“That’s a lot of money to ask for in a single chunk, and to do annually,” Clemons said. “In recent history, we’ve been getting cuts based on enrollment, both locally and statewide.”
Keith Scott, director of facilities maintenance for Henry County Public Schools, said the heating and cooling (HVAC) systems are an ongoing capital concern.
“On the top of our list for HVAC equipment is the rest of Bassett High School,” with 40 percent of the equipment remaining from when the school was originally built, Scott said. “We have been updating that equipment in phases as money is available. HVAC equipment has an industry standard of life expectancy and that can vary depending on the type of equipment.”
Scott said the county’s capital improvement plan (CIP) would require approximately $15-20 million to address all the identified needs.
“We plan to update that CIP plan during the 2021-2022 school year and also perform a new facilities assessment,” he said.
“We create a capital improvement list each year and put on an estimated time frame on when we think things will be needed,” Clemons said. “As things surprise us, those things need to be addressed and are ultimately prioritized. Some things can’t wait, like a roof leak that is going to damage things underneath. That’s when we go to city council on the fly and ask for some of the fund balance to be moved and generally, they are amicable to that. Other things, we may opt for a cheaper approach in the meantime, knowing that we could probably get a couple more years out of them if we do a partial fix or something like that.”
Roof repairs also are a constant concern for both divisions.
“All of our buildings have flat roofing, so therein lies an ongoing issue,” Clemons said. “They vary, based on the type of EPDM (ethylene propylene diene terpolymer) material on them. Some of these, we have foam roofs on them, and you don’t always know when they are going to need repairs. Sometimes a leak develops, and we weren’t expecting it. Then we have to evaluate it over time to see when it needs complete replacement.”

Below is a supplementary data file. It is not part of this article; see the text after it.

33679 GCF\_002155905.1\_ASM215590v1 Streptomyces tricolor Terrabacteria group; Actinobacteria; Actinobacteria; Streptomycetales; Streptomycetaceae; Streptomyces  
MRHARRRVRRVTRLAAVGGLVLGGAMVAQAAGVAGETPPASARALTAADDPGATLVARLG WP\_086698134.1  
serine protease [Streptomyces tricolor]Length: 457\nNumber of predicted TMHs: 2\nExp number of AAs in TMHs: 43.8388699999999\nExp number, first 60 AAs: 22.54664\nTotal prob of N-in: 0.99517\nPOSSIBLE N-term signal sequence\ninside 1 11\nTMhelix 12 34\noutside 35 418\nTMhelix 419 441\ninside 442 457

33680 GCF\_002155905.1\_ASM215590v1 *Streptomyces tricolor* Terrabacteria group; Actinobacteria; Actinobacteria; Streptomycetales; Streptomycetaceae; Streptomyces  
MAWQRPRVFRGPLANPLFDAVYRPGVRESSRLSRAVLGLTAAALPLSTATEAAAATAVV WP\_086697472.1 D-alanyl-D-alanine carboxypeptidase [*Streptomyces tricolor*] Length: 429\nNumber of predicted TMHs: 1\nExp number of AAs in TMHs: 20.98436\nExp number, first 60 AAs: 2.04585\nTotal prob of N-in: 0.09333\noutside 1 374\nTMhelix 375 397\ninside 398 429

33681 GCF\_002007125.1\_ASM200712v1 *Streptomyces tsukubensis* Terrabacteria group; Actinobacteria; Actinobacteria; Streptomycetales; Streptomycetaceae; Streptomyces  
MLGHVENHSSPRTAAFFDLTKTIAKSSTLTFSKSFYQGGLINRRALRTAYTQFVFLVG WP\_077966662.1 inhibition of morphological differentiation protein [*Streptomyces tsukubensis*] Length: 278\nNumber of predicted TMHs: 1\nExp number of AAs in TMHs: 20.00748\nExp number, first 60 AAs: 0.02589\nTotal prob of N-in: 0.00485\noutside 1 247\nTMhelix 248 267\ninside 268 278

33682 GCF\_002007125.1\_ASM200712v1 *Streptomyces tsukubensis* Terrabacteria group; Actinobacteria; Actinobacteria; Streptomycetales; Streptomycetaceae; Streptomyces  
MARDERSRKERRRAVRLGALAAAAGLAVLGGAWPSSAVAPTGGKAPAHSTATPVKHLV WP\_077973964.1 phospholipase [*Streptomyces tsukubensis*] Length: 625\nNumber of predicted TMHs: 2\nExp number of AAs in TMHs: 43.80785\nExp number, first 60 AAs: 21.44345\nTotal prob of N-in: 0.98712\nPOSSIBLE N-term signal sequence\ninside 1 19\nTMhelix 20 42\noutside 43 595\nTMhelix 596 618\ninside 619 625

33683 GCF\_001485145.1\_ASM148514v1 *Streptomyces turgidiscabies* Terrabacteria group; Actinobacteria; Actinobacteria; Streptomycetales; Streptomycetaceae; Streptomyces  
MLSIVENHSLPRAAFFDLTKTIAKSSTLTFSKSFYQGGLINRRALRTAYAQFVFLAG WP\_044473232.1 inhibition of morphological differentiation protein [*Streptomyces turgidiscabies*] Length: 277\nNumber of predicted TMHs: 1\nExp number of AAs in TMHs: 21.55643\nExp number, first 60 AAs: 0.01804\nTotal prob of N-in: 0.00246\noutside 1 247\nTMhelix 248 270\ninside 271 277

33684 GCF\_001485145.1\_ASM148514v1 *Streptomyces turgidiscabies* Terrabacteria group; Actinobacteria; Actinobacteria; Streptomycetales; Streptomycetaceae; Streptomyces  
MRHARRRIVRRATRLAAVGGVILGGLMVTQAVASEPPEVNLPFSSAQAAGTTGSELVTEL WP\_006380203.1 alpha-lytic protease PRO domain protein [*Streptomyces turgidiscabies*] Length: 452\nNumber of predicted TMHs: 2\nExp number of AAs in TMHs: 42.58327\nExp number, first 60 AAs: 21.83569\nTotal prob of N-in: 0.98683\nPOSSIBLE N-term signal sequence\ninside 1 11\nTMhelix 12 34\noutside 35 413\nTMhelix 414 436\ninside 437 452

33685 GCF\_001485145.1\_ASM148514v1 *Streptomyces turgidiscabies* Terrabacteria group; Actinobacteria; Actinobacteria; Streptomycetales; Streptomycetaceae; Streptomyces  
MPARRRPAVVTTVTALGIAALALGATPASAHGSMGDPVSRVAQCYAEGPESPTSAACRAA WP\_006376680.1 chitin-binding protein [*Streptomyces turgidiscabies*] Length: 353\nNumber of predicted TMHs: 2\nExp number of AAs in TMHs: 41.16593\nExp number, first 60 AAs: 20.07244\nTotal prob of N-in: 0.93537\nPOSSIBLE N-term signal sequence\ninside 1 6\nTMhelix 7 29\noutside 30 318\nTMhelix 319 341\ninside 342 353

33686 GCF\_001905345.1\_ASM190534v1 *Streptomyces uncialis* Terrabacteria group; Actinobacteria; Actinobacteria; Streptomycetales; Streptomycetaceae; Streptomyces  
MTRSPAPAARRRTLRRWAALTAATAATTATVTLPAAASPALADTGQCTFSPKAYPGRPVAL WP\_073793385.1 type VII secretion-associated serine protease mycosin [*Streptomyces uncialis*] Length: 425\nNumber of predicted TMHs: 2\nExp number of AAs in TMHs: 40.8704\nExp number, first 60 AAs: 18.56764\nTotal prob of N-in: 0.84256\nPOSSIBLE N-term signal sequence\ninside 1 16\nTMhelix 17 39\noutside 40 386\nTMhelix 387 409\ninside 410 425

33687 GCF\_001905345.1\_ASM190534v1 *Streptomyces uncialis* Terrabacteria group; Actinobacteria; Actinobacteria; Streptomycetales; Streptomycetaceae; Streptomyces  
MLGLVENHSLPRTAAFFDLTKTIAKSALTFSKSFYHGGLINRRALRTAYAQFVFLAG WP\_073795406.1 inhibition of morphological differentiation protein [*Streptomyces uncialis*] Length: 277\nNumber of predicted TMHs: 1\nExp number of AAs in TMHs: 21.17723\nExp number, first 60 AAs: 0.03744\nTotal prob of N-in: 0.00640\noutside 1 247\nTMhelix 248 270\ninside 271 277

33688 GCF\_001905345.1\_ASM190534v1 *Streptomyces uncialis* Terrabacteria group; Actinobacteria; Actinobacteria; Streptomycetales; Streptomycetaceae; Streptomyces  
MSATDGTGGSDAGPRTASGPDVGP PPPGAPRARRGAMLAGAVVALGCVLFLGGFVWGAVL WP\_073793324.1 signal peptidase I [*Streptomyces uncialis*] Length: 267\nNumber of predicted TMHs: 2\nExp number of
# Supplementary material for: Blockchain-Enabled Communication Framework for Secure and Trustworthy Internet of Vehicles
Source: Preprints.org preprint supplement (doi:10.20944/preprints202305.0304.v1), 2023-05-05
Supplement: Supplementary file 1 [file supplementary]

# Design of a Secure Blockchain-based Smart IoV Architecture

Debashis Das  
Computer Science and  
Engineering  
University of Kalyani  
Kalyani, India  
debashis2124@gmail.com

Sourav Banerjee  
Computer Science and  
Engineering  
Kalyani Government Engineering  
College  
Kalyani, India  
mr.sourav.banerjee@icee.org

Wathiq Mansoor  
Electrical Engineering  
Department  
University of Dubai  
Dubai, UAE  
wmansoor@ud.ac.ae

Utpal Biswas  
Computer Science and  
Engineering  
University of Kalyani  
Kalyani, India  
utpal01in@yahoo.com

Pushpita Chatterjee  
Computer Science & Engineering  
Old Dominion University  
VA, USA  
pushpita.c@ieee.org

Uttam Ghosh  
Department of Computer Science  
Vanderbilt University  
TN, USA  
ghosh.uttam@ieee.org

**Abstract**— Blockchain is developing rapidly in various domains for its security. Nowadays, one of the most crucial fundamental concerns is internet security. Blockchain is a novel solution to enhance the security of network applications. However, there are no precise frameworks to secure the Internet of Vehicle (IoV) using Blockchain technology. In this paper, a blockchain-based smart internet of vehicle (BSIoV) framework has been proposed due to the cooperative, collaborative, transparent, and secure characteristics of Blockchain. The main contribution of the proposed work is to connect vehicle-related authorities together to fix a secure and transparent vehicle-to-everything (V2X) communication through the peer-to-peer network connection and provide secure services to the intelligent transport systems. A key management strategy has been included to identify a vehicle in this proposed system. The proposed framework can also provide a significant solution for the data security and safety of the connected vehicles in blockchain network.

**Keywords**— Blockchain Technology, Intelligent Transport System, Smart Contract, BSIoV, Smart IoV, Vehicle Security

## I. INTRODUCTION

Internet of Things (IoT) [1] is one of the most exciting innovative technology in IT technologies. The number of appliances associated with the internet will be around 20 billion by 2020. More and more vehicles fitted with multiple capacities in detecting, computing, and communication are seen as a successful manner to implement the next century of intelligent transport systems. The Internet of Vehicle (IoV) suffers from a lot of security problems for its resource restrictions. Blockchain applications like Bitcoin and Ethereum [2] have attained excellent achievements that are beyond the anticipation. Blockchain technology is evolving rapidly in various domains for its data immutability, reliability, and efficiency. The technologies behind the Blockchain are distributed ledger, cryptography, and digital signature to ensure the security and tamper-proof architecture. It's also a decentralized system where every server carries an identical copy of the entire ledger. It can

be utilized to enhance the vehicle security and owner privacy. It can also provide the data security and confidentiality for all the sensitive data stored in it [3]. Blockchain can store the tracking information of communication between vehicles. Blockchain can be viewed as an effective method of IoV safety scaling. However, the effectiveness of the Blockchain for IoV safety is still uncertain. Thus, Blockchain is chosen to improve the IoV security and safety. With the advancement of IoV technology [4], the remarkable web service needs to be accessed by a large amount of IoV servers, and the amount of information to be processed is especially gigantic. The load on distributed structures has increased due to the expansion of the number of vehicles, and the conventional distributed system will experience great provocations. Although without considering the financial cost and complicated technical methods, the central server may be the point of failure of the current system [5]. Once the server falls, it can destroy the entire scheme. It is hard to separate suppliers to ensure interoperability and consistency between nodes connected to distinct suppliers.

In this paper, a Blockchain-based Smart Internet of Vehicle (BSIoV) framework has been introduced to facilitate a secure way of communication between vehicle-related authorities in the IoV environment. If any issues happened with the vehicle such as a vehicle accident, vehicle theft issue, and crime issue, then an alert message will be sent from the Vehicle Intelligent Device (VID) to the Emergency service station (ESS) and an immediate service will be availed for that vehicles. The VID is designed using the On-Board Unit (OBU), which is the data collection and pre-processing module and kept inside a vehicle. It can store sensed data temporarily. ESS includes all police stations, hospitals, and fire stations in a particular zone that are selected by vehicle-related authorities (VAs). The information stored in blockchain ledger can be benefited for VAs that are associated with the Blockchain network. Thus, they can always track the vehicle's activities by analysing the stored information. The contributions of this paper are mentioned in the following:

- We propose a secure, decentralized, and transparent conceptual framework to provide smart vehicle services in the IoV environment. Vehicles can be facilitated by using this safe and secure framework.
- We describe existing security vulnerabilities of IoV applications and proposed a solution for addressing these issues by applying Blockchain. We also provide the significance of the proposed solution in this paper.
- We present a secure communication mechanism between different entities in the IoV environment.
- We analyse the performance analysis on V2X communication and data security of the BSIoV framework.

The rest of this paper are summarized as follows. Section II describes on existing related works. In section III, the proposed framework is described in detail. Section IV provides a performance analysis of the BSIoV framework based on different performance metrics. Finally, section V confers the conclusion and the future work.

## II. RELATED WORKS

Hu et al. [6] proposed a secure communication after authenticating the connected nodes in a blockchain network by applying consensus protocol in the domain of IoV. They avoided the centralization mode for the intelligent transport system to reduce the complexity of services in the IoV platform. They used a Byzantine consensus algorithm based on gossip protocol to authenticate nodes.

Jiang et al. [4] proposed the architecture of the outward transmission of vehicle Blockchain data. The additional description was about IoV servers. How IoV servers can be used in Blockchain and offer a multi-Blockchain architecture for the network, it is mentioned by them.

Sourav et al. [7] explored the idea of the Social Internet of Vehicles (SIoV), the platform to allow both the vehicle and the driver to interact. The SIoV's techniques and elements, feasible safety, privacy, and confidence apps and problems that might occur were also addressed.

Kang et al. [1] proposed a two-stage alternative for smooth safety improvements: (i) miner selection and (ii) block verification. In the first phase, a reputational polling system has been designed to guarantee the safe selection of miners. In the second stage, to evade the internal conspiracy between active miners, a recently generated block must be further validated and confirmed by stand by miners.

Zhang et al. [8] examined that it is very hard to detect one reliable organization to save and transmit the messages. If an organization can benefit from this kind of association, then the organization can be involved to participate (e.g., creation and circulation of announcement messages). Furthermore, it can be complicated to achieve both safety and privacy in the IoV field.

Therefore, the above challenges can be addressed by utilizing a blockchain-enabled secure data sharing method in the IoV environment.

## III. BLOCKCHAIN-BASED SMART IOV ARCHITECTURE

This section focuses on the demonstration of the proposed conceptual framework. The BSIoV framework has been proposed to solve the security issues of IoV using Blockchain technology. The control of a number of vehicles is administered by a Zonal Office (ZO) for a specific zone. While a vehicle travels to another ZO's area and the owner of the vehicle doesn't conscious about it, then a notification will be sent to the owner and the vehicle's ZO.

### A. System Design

Scott said each of the roofs for the county have a 20-year warranty and Laurel Park Middle School is next in line to receive an upgrade.
“We perform a facilities assessment on our buildings and roofs every 10-15 years,” Scott said. “We monitor service calls for roof leaks and review our roof study to determine when it’s time to replace these roofs.”
With a limited budget due to dropping enrollment, Clemons said it’s hard to address each item on the CIP list.
“We have a limited amount of money in the budget every year. Generally, we have around $200,000 in there, but that’s not just for capital improvements,” he said. “That’s also to support all of our custodial supplies and general things we need annually. We are forced to manage in that range, so we can’t really afford to do the big projects without going to city council every time we need something as a separate part of the budget and not part of the normal budget process.”